The term ‘vaccine tourism’ may not have been on anyone’s lips before 2021, but it is fast becoming a draw for nations dependent on visitors for their economy as they hope to lure tourists back. But what countries are offering this new perk along with sights, (potential) sun, and escaping the daily working-from-home grind?
Medical tourism is not exactly new. The ancient Greeks would journey to the domain of the god of medicine Asklepios outside of Athens. Doctors have long ordained spa resorts for those suffering from bronchitis or other respiratory ailments. Of course, in recent years, cheaper cosmetic surgery, fertility treatments, or dental care have been high on the list of reasons for travel related to medical treatments.
Abu Dhabi, the capital of the United Arab Emirates and home of Etihad, announced today it would be offering free vaccines to tourists. Visitors with visas issued by the emirate and those traveling on passports eligible for tourist visas upon arrival can now book free vaccines, according to information from the Abu Dhabi Health Services Company (SEHA).
The vaccines on offer are the ones manufactured by Chinese state-owned Sinopharm, and German American Pfizer/BioNTech, both requiring two doses with at least three weeks in between shots. The former provides a 79% protection against symptomatic SARS-CoV-2 infection 14 days after the second shot. Meanwhile, Pfizer is 96% effective against hospitalization, also in the case of the new variant of concern known as Delta.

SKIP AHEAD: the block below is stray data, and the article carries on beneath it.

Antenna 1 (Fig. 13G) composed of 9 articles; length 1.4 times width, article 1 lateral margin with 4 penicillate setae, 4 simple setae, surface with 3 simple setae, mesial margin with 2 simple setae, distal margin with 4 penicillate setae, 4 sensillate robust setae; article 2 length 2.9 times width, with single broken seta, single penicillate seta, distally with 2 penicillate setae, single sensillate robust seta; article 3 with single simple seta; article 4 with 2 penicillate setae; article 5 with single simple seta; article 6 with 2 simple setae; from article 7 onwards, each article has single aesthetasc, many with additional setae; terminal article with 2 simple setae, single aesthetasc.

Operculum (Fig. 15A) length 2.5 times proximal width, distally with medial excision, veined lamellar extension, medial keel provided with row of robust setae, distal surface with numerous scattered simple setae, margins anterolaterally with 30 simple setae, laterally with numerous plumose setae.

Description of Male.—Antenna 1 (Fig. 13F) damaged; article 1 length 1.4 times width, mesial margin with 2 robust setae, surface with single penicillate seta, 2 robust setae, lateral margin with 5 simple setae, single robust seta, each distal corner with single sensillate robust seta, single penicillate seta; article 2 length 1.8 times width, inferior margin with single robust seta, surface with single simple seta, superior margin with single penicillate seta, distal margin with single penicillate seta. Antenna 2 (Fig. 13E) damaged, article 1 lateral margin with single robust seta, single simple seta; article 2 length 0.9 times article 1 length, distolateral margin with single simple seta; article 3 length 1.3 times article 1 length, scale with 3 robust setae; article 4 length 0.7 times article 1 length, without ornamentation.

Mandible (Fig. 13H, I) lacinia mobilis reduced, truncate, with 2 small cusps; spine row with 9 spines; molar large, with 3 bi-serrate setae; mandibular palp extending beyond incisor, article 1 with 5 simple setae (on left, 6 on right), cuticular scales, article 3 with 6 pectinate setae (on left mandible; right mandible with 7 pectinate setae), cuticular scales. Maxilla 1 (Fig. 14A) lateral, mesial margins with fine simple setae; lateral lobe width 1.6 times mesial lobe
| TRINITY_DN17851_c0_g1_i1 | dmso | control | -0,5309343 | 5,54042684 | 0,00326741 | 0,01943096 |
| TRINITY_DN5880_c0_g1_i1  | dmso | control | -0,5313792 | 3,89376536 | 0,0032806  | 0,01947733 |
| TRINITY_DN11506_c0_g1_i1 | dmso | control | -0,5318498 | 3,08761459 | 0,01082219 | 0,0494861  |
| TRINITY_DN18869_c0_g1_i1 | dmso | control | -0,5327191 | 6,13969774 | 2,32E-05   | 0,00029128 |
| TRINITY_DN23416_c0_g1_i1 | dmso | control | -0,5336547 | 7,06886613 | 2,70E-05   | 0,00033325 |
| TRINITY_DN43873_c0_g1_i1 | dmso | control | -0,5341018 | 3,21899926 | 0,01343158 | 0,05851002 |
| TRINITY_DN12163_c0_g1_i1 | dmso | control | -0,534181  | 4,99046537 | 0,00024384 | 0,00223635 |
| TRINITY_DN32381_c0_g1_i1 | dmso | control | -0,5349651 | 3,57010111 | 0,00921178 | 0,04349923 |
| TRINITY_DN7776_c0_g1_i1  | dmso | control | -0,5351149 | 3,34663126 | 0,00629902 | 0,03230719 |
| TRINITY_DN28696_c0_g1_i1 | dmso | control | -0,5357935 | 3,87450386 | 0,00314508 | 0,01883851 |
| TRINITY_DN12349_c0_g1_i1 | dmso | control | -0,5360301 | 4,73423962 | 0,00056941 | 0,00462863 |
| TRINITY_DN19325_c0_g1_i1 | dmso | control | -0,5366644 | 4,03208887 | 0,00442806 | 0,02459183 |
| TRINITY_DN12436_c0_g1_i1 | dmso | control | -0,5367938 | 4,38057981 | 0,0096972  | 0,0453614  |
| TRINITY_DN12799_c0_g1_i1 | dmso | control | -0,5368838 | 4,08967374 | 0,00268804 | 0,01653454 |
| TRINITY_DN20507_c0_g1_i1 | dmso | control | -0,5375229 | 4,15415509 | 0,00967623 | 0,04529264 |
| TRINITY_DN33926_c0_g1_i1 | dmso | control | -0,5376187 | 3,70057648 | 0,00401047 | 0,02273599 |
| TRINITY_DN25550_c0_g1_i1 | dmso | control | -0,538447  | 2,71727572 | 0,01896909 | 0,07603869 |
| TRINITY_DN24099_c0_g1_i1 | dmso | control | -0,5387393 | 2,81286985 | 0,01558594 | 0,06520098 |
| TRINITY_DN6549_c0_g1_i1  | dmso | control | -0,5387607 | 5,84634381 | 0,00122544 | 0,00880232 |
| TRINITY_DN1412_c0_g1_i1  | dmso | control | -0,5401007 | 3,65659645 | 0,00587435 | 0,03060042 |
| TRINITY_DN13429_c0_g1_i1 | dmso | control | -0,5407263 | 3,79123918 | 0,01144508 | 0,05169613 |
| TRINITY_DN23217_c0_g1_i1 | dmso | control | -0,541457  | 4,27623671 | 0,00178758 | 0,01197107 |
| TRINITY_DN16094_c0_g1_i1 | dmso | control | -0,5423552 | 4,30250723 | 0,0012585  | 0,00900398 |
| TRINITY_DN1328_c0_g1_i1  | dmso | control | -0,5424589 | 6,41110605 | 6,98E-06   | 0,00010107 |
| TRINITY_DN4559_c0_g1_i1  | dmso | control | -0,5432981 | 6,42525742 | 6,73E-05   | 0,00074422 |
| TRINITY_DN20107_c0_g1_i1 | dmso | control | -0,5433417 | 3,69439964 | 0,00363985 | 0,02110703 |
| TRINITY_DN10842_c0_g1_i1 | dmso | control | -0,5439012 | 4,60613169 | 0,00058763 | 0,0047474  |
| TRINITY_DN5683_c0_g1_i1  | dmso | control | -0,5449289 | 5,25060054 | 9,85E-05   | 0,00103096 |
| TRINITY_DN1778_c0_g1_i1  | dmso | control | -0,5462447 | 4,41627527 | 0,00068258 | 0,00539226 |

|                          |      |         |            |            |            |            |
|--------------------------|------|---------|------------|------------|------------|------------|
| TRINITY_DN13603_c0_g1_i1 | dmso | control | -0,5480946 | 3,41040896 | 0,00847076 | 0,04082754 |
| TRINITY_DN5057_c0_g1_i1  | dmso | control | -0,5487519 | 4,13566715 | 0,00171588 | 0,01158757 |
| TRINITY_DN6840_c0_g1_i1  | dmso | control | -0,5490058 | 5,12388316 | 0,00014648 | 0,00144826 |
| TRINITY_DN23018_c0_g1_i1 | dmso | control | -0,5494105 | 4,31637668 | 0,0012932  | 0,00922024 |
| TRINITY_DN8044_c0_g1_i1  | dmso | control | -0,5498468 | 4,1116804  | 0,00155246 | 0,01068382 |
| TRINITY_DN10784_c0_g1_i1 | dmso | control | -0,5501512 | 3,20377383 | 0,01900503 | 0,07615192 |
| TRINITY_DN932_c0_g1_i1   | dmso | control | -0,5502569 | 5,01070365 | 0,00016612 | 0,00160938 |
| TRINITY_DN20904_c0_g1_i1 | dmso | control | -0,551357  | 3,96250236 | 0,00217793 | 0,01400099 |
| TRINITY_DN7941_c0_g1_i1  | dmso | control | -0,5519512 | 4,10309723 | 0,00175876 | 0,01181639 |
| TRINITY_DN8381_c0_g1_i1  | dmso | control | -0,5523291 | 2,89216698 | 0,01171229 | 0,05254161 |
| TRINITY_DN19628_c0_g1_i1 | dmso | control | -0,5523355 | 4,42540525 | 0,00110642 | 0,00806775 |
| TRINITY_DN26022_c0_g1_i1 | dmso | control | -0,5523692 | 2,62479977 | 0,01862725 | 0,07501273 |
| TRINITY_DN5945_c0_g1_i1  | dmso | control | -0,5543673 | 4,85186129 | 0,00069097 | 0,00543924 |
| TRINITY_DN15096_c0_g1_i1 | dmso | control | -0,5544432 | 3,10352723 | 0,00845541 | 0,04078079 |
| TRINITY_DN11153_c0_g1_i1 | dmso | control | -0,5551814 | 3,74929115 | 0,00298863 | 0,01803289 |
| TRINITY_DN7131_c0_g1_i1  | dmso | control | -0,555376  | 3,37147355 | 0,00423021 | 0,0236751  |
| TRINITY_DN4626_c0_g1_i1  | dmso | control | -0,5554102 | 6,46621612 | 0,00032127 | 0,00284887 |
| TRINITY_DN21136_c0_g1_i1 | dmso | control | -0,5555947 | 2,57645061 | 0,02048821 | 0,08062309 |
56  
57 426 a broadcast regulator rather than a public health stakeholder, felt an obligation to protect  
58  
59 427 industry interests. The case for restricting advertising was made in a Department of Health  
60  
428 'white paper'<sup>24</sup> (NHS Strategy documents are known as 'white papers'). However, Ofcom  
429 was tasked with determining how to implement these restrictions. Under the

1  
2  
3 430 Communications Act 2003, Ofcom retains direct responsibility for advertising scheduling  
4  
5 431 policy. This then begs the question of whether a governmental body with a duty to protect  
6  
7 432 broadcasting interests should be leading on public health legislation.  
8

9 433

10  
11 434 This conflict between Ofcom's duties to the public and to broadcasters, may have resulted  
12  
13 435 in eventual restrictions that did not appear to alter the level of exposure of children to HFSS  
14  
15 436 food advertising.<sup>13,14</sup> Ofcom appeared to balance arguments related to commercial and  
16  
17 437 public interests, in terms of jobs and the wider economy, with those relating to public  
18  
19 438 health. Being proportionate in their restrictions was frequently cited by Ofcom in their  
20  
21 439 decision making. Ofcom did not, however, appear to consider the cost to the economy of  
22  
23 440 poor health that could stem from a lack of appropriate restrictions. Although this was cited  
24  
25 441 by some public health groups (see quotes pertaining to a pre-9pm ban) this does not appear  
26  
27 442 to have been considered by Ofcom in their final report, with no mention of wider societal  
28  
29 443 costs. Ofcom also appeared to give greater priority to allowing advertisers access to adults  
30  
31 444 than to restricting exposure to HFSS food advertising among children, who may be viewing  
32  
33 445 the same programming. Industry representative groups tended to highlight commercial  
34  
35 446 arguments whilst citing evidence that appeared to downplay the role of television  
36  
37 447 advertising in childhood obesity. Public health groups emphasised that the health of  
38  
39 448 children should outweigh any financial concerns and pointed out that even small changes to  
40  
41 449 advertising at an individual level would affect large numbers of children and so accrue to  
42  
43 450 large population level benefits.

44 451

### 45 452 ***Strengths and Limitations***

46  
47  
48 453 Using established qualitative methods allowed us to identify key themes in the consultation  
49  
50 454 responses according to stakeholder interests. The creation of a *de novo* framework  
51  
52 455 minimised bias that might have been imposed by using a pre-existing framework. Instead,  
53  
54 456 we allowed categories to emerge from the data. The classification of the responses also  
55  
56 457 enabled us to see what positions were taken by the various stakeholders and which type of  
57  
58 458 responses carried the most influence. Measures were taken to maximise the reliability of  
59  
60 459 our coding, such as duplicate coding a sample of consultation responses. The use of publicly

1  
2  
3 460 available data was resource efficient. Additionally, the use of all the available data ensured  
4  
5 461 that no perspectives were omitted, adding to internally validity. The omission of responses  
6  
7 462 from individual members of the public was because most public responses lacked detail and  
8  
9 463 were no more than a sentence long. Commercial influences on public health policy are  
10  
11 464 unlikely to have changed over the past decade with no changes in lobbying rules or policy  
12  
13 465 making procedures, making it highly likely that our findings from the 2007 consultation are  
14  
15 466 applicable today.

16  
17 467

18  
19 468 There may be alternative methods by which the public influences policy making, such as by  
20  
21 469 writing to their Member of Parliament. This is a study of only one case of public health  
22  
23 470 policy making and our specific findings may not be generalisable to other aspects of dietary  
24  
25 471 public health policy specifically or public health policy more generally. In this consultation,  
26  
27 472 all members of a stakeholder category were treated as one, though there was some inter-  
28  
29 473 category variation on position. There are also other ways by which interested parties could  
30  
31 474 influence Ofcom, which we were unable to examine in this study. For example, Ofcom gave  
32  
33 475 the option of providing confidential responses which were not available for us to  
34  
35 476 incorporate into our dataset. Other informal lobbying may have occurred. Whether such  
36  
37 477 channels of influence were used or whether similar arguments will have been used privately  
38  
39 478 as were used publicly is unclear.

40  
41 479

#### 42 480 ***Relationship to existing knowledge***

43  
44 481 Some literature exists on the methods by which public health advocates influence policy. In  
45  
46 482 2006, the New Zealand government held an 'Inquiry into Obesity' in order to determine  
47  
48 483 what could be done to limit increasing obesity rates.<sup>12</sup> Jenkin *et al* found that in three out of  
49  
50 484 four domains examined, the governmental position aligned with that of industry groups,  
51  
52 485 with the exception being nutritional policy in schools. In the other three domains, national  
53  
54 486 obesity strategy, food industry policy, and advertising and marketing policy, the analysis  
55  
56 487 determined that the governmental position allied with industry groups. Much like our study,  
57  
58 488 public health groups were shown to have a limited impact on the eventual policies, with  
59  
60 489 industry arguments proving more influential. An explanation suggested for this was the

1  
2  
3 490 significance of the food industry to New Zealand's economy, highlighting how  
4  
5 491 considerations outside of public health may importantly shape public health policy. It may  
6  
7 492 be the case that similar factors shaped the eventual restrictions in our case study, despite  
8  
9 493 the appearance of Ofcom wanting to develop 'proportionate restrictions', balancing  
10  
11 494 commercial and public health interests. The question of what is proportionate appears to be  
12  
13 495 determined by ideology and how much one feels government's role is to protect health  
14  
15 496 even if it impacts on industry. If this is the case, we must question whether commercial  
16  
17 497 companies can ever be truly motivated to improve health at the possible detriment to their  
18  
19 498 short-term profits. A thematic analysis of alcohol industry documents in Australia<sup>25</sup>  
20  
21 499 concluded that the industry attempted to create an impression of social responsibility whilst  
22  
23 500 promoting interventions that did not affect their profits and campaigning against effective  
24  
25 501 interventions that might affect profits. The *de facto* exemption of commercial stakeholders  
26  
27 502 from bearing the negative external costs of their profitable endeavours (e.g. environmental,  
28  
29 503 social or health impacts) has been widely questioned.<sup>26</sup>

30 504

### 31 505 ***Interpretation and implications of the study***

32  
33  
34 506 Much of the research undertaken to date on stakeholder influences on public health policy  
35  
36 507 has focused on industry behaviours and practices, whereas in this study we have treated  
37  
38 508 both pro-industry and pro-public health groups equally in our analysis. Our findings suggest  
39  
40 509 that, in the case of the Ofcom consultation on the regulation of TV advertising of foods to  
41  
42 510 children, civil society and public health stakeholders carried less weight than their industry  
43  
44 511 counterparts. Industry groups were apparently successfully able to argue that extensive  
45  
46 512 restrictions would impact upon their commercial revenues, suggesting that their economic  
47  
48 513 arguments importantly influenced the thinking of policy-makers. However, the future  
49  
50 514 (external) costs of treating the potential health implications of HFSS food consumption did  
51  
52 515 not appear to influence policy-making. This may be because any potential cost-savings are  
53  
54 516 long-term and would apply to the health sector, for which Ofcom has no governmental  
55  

Entry requirements for Abu Dhabi remain in place with proof of negative PCR test results prior to departure. Travelers from a list of ‘green’ countries are no longer required to quarantine upon arrival. In comparison to the UK’s green list, Abu Dhabi’s includes over 30 countries. Among others on the list are Austria, Hong Kong, Mauritius, Singapore, South Korea, Sweden, the US, and Uzbekistan.
Thus far, there has been no indication on whether or not other parts of the UAE, such as Dubai, intend to follow suit.
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One of the first nations to announce that it would offer COVID-19 vaccines to visitors was the Maldives. Tourism contributes to nearly 80% of the tiny island nation’s economy and accounts for 28% of overall GDP. The Maldives is far from a shoe-string destination, and now, well-to-do travelers can choose to come to the paradisical surroundings for their COVID-19 jab.
However, the plan will only be offered once all local residents have received their inoculations. Currently, the country has administered 500 000 doses, and 34,7% of the population has been fully vaccinated, including most front-line tourism workers.
The country’s government has dubbed the project the 3V – ‘visit, vaccine, and vacation’. Currently, those entering the Maldives must show a negative PCR test result, along with proof of hotel reservations. However, from July 15th onwards, there will no longer be any restrictions for incomers of any nationality, as the country launches its tourism resumption campaign ‘Rediscover Maldives… the Sunny side of Life’.
Russia may not evoke the same turquoise barefoot dreams as the Maldives. However, it would probably make for a better conversation starter to proclaim you traveled there specifically to get vaccinated with Sputnik V.